Chanel's artisanal division acquires tweed manufacturer


Benjamin Fitzgerald

French artisan Lesage - owned by Chanel - has acquired a smaller firm, ACT 3, for use of its tweed fabrics in Chanel's haute couture and ready-to-wear collections.


French embroiderer Lesage, an artisanal arm of fashion house Chanel, revealed on Friday it has acquired of one of its own suppliers, the Association Création Textile, also known as ACT 3.

A producer of tweed fabrics in the southwest of France, ACT 3 will officially join the Chanel subsidiary dedicated to the crafts trades, Paraffection, which has bought several ateliers since 1985. Some of these include embroiderers, feather workers, as well as boot makers linked to haute couture.

Located in Jurançon in the French region of Pyrénées-Atlantiques, ACT 3 is made up of 16 employees who specialize in the creation, production and commercialization of fabrics and tweeds. According to the Paris-based
Lesage - which also runs a renowned school that teaches artisans the art of embroidery - ACT 3’s work is fabricated for ready-to-wear and couture houses, as well as creating detailing for accessories and decoration.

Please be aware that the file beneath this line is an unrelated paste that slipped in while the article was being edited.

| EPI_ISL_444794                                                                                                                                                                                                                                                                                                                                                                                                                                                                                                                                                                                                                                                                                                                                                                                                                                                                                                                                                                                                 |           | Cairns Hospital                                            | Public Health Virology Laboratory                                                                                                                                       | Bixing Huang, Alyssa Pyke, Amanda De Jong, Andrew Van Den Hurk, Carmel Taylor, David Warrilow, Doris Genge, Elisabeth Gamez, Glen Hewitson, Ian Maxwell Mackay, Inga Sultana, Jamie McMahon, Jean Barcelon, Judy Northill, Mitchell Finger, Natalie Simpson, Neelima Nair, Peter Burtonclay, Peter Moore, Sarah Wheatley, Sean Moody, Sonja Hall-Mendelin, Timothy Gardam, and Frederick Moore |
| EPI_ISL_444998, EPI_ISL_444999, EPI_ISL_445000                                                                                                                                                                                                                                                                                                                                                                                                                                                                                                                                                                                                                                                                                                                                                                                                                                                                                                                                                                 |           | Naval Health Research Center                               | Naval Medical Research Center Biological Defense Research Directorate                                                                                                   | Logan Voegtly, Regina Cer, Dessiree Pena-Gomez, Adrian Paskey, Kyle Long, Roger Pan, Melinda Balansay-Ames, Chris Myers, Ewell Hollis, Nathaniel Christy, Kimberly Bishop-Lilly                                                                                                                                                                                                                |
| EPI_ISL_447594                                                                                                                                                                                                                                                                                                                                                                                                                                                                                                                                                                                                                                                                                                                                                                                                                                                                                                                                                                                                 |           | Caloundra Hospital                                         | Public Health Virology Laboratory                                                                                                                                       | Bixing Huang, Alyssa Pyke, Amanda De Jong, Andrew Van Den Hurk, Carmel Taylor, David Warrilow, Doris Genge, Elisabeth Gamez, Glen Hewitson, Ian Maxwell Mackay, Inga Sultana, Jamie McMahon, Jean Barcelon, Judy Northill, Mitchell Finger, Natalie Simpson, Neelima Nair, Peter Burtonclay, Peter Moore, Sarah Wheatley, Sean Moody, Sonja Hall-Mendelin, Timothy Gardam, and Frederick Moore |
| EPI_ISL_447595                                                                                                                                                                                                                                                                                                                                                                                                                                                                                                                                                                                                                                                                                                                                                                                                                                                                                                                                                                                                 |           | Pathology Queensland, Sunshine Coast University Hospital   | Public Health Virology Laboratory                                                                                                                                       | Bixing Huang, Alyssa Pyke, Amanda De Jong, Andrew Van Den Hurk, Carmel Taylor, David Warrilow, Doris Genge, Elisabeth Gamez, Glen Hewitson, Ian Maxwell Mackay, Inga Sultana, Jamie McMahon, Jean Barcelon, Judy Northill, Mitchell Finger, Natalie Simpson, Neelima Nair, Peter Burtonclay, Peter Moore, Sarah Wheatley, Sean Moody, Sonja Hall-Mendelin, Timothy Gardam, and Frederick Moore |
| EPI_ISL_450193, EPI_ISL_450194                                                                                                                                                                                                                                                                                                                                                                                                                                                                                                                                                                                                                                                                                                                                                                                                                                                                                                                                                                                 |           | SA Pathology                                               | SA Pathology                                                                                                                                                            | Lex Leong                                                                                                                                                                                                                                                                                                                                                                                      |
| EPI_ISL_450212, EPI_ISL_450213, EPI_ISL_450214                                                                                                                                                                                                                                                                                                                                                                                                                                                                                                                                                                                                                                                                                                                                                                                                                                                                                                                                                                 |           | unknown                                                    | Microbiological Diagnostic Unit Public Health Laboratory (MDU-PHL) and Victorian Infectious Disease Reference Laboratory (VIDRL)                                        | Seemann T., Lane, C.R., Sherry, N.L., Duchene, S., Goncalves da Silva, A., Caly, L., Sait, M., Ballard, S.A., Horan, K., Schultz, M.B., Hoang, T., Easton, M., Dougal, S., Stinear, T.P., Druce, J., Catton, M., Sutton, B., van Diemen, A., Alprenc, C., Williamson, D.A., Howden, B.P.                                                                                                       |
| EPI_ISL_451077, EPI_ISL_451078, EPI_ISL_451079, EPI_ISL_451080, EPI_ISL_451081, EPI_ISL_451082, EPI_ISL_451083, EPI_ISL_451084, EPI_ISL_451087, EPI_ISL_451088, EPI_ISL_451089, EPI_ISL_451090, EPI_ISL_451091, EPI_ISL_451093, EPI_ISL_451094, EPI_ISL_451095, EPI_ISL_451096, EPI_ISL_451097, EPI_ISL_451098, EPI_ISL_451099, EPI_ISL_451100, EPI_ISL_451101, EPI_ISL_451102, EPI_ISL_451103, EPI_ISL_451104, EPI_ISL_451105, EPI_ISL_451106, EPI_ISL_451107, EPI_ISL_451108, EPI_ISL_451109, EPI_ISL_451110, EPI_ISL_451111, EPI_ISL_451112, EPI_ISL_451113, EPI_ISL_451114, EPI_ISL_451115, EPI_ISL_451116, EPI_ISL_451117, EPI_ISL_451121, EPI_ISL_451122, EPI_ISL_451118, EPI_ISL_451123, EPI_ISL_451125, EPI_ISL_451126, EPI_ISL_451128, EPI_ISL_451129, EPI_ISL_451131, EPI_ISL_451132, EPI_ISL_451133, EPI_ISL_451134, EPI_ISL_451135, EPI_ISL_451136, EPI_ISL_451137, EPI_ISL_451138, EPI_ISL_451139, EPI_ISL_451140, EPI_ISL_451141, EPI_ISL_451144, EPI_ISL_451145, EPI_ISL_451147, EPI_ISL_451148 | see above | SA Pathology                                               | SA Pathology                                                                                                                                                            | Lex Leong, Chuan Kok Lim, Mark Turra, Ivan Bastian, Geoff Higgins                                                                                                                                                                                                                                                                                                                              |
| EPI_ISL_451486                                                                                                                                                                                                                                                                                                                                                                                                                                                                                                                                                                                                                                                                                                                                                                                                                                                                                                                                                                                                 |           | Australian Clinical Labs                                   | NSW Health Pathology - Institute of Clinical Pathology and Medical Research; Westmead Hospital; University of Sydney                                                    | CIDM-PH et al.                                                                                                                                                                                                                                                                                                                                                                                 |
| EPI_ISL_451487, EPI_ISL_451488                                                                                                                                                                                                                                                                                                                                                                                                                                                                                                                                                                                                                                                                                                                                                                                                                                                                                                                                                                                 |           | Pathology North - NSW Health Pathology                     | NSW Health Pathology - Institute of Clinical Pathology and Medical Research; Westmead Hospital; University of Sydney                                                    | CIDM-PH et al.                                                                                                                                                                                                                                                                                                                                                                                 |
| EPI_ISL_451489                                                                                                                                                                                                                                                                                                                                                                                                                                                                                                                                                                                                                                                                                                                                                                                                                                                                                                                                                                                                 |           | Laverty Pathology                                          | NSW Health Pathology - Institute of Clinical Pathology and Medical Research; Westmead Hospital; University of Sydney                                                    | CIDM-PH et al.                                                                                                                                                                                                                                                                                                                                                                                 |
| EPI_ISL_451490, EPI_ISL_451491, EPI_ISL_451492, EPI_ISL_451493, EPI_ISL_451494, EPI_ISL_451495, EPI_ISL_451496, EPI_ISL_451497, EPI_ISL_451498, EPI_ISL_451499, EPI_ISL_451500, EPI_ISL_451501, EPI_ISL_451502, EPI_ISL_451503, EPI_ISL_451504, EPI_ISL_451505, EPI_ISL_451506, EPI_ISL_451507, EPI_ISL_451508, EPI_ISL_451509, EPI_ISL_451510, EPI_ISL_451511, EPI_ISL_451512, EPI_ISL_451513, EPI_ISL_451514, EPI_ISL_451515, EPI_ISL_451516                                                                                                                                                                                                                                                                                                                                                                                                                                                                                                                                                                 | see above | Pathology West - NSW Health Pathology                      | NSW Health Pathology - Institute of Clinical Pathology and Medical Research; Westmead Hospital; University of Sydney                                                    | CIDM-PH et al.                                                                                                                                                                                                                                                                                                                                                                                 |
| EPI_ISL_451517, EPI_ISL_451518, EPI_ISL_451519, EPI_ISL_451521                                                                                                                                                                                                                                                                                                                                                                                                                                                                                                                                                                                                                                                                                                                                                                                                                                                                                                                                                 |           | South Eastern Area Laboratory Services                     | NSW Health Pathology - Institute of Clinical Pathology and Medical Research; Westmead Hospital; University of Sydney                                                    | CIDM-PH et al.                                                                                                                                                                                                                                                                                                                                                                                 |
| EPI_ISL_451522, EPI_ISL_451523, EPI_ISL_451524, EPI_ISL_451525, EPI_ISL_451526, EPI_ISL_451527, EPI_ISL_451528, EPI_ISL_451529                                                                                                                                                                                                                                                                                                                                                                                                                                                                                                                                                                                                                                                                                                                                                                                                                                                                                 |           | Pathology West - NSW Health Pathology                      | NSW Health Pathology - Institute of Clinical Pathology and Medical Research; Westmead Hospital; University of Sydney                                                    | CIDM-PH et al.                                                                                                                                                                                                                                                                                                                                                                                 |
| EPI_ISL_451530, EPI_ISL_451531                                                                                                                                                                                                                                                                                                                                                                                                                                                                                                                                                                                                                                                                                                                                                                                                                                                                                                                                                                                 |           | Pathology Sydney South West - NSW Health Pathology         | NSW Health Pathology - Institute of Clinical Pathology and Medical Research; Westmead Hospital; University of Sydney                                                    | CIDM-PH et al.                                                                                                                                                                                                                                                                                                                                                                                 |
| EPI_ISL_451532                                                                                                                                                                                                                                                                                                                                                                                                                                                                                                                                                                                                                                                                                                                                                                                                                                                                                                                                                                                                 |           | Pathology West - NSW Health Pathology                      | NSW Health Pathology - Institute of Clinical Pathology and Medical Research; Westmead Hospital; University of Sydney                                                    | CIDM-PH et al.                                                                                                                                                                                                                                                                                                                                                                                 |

Lesage was one of ACT 3’s principle customers before the takeover, which it has worked with since 2003 for the manufacturing of tweeds. Most notably, ACT 3 fabrics are a favourite used by tailors at Chanel, evidently prompting the merger.

"ACT 3 offers exceptional and rare know-how required to make the Lesage creations which associate new materials - sequins, organza, ribbons and leather laces - that make up the inimitable signature and originality of the
Maison Lesage tweeds," Bruno Pavlovsky, President of Lesage and the head of Chanel's fashion activities, told AFP reporters.

The acquisition followed initial take over talk from ACT 3 President, Maria Messner, in the hopes of "developing and expanding the structure." 

After difficulties in 2009, Messner told reports that ACT3 "is doing very, very well" and is "creating jobs locally."

Despite being bought out, ACT 3 will continue its collaborations with all of its current customers in the fashion and decoration world, Lesage revealed.

The embroidery house, created by François Lesage, was bought in 2002 by Chanel. At the same time the fashion house acquired other artisanal brands, including crafts maker Desrues; feather worker Lemarié; milliner Maison Michel; and boot maker Massaro. 

The aforementtioned craft traders and their works were also showcased this week in Chanel’s Métiers d’Art collection, which was presented by Karl Lagerfeld on Tuesday in Salzburg, Austria.